Dr. Whiting asserts: “Things are going to get worse for smaller venues in the next few years because we’re facing market failure of them as commercial enterprises. Running a small venue as a commercial business is becoming increasingly difficult. An overly financed property market impacts rent and other overheads, and turns environments, particularly urban environments, into an assets market economy. Venues can’t compete with this. If they don’t own the freeholds to the building they operate, which is the case with most music venues, they have to pay rent all the time.”

Strictly on economic terms, the pressure is lifted if a community of music fans (with a variety of skills including financial and marketing acumen), a local council, or a State Government, run a venue as a nonprofit venture. Overheads are paid without trauma. The venue becomes a community hall, where locals hang-out, learn skills and join a wellbeing hub. Recording studios and rehearsal spaces are set up inside, with the idea they will be self-sufficient. Any profits go to extra payment for musicians, production workers and staff.

“Local governments or State Governments should be running music venues,” stresses Dr. Whiting. “They should start to purchase these spaces when they’re at risk. They then bring them into the same sort of facilities as libraries and community halls which we take for granted as part of our civic infrastructures.”

In the UK, the Music Venue Trust (MVT) has raised £2.3 million ($4.46 million AUD) from the public to buy the freeholds of nine grassroots venues. A community-run spot is Sister Midnight in South London, operated under Lenny Watson who had run a record store and venue previously. When the chance came to save Sister Midnight, he marshalled the forces.

“I didn't have really high expectations for how this was going to develop and how much support we'd get,” he said. “But now we have around 950 members and I’m training to become a cooperative practitioner myself.” It’s building up a donation pool of £500,000 ($970,884).

The idea has been tried in Australia. When The Tote in Melbourne seemed to be in danger from developers, the idea was raised to buy it for $6.65 million and place the freehold into a charitable trust. The owners of the Last Chance Rock & Roll Bar came up with a bit over half. In six months last year, 3,000 members of the public came up with $3 million (via Pozible) to set up a foundation which would own the building. Among the 3,000 contributors were owners of fellow venues Whole Lotta Love, the Gasometer, FeeFee’s Bar and the Gold Coast’s Vinnie’s Dive Bar.

Music fans and industry executives have risen in the past to keep venues going. Three years ago Adelaide’s music community exceeded the $70,000 crowdfunding target to keep Jive alive. Three years ago, when Crowbar Sydney launched a $100,000 campaign after being hit with 30 percent trade decline, artists donated records and test pressings, while Lindsay McDougall offered his first Frenzal Rhomb guitar.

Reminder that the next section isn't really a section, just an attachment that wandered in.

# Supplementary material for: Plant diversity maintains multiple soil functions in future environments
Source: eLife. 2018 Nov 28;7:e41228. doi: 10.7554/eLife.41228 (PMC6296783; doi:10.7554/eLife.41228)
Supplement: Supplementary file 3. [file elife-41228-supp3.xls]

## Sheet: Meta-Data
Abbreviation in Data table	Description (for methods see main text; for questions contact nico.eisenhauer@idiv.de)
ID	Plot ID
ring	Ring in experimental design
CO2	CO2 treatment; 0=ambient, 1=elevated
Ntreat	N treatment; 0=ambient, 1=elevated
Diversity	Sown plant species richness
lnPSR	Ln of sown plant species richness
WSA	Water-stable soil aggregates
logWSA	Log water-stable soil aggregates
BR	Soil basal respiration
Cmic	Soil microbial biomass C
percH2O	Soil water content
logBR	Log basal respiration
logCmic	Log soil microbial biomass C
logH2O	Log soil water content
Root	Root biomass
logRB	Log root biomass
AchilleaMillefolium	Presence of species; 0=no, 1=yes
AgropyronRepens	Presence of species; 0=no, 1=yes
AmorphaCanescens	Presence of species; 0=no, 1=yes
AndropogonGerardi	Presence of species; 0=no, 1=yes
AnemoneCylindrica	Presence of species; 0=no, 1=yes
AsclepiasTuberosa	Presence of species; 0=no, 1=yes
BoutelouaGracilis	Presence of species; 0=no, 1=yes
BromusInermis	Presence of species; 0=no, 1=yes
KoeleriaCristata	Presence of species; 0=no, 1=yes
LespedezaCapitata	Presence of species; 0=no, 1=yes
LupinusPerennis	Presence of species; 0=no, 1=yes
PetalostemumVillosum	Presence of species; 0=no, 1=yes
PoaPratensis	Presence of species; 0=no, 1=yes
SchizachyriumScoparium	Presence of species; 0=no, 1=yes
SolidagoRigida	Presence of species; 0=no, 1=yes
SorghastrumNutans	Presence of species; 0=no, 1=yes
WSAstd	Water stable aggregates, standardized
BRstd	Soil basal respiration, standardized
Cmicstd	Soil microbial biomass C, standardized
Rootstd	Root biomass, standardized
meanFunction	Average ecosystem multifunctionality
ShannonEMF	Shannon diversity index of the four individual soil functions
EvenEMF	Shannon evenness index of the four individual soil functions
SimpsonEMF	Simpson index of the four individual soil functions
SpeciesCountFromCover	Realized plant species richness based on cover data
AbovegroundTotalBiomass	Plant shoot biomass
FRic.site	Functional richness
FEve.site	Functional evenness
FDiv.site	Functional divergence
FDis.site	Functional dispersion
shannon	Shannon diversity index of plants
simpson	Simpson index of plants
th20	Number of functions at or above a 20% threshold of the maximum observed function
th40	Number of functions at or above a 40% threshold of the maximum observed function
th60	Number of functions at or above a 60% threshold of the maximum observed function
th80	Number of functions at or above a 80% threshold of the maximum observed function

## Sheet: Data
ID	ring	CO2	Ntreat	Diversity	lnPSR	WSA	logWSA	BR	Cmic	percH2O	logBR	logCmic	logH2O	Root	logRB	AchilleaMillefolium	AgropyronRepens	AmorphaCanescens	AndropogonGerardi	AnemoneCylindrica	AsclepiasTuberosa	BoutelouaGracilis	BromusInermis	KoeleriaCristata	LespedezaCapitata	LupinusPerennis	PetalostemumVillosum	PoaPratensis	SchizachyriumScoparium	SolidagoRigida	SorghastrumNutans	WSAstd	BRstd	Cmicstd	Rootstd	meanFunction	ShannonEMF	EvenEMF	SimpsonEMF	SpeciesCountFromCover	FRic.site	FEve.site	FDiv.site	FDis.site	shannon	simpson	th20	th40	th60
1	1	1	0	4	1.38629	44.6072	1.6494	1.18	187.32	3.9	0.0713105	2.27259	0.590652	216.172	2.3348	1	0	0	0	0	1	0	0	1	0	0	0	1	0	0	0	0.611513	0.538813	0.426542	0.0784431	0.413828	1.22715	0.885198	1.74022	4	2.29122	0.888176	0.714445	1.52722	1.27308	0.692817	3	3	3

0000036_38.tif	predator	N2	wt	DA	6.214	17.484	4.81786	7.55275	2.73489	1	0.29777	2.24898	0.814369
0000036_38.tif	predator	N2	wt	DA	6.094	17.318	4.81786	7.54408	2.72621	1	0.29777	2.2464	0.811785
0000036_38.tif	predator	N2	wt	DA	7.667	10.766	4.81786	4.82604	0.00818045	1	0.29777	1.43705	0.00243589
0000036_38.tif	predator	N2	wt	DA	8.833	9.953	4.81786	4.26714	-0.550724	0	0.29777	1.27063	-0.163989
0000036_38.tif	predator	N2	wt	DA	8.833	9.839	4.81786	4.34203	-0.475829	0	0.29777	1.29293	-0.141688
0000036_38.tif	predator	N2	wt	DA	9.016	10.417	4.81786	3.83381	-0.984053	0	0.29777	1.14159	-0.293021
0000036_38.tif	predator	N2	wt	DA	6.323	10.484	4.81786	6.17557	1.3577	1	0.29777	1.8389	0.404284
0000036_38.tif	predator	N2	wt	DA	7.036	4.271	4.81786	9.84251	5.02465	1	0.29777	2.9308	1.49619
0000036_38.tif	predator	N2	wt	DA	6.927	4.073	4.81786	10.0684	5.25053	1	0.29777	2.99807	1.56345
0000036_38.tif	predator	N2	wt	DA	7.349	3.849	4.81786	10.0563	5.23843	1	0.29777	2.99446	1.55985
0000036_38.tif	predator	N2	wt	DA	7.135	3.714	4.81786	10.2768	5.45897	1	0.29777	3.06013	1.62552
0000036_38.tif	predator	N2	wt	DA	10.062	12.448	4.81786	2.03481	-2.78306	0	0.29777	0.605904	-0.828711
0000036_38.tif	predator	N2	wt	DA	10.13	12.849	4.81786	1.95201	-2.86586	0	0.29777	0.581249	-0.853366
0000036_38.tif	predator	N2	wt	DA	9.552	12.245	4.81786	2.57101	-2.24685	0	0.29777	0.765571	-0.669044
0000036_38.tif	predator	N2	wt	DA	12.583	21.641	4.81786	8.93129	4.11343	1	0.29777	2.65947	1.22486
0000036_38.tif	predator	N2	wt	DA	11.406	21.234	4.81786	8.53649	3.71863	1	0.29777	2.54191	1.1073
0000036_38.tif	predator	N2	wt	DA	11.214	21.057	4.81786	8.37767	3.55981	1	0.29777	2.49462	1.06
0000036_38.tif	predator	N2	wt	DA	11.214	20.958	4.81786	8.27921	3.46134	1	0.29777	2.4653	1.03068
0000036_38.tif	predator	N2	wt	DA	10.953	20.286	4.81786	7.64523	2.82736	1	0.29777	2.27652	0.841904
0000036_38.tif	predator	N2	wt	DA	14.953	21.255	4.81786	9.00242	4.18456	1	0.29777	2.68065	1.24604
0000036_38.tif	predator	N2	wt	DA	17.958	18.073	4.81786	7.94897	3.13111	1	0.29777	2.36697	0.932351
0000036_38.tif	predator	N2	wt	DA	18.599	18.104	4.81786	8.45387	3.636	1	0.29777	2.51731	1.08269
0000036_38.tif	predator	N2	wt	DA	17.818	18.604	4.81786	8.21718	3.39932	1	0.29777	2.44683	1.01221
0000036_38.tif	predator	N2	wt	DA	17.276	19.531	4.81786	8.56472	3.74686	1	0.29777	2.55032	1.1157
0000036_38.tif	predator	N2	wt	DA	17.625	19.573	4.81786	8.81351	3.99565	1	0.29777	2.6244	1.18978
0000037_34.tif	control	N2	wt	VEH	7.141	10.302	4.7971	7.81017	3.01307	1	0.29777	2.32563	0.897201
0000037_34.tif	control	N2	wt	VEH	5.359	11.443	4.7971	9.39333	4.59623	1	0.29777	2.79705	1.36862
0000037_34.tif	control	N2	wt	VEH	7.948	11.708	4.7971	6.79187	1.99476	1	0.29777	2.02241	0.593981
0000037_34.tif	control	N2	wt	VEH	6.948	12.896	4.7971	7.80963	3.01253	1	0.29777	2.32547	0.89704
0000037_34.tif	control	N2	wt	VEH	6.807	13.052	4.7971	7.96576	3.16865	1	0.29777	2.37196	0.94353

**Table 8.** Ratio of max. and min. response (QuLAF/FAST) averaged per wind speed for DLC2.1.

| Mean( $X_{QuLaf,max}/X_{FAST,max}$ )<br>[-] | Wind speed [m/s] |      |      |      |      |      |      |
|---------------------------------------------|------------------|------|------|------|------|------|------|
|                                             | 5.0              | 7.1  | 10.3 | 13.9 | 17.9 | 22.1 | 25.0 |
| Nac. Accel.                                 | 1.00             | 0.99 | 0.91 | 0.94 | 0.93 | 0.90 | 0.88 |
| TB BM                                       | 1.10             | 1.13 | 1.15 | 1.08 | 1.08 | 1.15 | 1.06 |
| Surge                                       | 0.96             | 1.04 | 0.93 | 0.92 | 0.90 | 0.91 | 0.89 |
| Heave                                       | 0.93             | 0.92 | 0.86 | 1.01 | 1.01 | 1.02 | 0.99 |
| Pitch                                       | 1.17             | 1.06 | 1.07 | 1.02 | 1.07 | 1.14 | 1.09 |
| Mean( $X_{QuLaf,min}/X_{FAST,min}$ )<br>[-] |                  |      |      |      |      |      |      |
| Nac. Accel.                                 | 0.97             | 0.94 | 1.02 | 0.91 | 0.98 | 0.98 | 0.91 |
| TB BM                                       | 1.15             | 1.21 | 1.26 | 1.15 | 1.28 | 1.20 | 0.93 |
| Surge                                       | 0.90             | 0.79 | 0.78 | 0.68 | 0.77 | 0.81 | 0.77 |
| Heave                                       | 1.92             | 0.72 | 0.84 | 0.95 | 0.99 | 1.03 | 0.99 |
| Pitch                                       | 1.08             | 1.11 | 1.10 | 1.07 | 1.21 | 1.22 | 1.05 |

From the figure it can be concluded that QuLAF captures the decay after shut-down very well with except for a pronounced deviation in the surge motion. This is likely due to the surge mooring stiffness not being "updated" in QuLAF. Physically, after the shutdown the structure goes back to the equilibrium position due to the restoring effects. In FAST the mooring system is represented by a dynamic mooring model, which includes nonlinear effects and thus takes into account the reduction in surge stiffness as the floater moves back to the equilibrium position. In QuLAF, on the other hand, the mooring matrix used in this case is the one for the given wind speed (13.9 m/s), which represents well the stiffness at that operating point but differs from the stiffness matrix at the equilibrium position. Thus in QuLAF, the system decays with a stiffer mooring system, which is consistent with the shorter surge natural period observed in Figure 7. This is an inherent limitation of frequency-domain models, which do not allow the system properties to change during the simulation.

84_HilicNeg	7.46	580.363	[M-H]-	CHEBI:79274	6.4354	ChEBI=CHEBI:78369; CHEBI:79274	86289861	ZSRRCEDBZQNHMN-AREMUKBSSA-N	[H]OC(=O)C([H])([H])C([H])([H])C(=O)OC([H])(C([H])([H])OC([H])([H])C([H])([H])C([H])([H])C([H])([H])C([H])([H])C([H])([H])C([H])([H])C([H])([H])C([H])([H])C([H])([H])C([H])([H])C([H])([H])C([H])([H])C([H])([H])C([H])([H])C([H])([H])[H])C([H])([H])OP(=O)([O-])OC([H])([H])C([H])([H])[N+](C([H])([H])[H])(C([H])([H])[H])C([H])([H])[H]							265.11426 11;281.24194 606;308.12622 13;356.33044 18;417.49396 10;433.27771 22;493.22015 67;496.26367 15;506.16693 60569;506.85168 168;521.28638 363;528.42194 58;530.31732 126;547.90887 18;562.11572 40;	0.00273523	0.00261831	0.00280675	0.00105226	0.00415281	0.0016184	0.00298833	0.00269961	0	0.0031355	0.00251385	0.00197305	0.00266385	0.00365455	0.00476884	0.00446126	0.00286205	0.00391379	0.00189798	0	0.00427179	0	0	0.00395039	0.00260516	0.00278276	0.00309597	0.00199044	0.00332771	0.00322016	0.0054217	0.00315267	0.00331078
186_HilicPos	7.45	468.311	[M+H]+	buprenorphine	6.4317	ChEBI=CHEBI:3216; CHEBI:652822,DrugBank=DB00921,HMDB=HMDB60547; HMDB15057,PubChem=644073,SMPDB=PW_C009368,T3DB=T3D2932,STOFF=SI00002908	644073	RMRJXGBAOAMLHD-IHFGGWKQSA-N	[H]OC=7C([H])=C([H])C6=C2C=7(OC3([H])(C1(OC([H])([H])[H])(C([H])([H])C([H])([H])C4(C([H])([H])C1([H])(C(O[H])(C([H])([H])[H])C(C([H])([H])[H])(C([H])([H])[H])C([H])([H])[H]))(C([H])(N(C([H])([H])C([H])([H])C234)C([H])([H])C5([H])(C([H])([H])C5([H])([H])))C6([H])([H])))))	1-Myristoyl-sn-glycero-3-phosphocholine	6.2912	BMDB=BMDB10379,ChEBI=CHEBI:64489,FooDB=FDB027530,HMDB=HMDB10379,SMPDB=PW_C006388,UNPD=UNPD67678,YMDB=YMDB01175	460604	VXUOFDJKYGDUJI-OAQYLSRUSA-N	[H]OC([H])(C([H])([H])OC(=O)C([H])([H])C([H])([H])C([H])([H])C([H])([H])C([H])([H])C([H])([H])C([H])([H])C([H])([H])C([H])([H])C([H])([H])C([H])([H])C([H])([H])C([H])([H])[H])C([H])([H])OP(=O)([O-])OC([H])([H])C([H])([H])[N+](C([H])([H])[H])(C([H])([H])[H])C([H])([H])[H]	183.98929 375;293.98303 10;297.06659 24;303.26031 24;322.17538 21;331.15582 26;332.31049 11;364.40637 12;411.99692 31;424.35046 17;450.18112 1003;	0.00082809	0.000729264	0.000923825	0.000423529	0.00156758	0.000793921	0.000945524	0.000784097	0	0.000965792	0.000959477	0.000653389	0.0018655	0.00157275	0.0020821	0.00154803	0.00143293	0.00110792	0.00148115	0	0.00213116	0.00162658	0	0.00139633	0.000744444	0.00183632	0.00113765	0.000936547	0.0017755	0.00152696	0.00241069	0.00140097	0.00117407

Whether this idea of bureaucrats taking over their venues goes down with some owners remains to be seen.

Boakes agrees with any move to ensure a venue’s longevity, but has reservations. “I’d love to see that happen with a couple of venues. It acknowledges them as culturally significant places. They’re important for communities, and they are very safe spaces,” he says. “If someone wants to purchase the Jive building and have me run it with passion and ensure its legacy, and not competitive to other businesses, and guaranteed they won’t be knocked down for apartments – sure.”

Solution #2: Council-Insured Venues

This week, independent councillor Stephen Jolly was set to move the motion that Melbourne’s Yarra City Council consider for the March meeting that it “assist local venues [by] taking out insurance on their behalf.”

Rather than be left to insurers, venues in its 12 localities – including music hubs like Collingwood, Richmond, Carlton North and Fitzroy – would be covered by the council’s insurer. Jolly told The Age: “Yarra is the hub of live music in Melbourne. If these venues go down the gurgler because they’ve been squeezed by insurance companies, then not only is that a massive cultural blow for inner-city culture and the nighttime economy, but it’s an economic hit too. We can’t just wash our hands.”

Solution #3: Ticket Levy

In the UK, ticketing platform Ticketmaster ran a monthlong donation scheme last October, where its customers could donate to the Music Venue Trust. Ticketmaster would match the figure. Elsewhere, platforms such as Skiddle and Good Show agreed to donate a percentage of sales.

The Independent Live Music Alliance in South Australia, made up of seven outlets, is talking to larger arts festivals about the Big Ticket Levy, a donation of $1 from each ticket sold. Their premise is that festivals get millions of dollars in funding from the State Government. “It’s also an acknowledgement of the importance of the work grassroots venues do to find the talent that they feature,” a spokesperson said. “The response has been positive but the concern is how it would be implemented.”

Solution #4: Greater Government Interaction

Getting closer to the workings of levels of Government is something the live sector is working on.

Among the recommendations by Matt Levinson’s Gig Economy: Making Sydney A Great City For Live Music report late last year – commissioned by urban policy think tank Committee for Sydney – was an expanded Hospitality Concierge for venues, a live music liaison in police commands, and the notion that live venues be included in precinct and region planning.

This month, Adelaide lawyer and live music activist Antonio Tropeano circulated a letter to both sides of South Australia’s Parliament warning that unless the 3am to 7am lockout was lifted, the West End would become a “ghost town after dark”.

Independent MLC Frank Pangallo is in the process of setting up a Parliamentary Committee to review the lockout laws.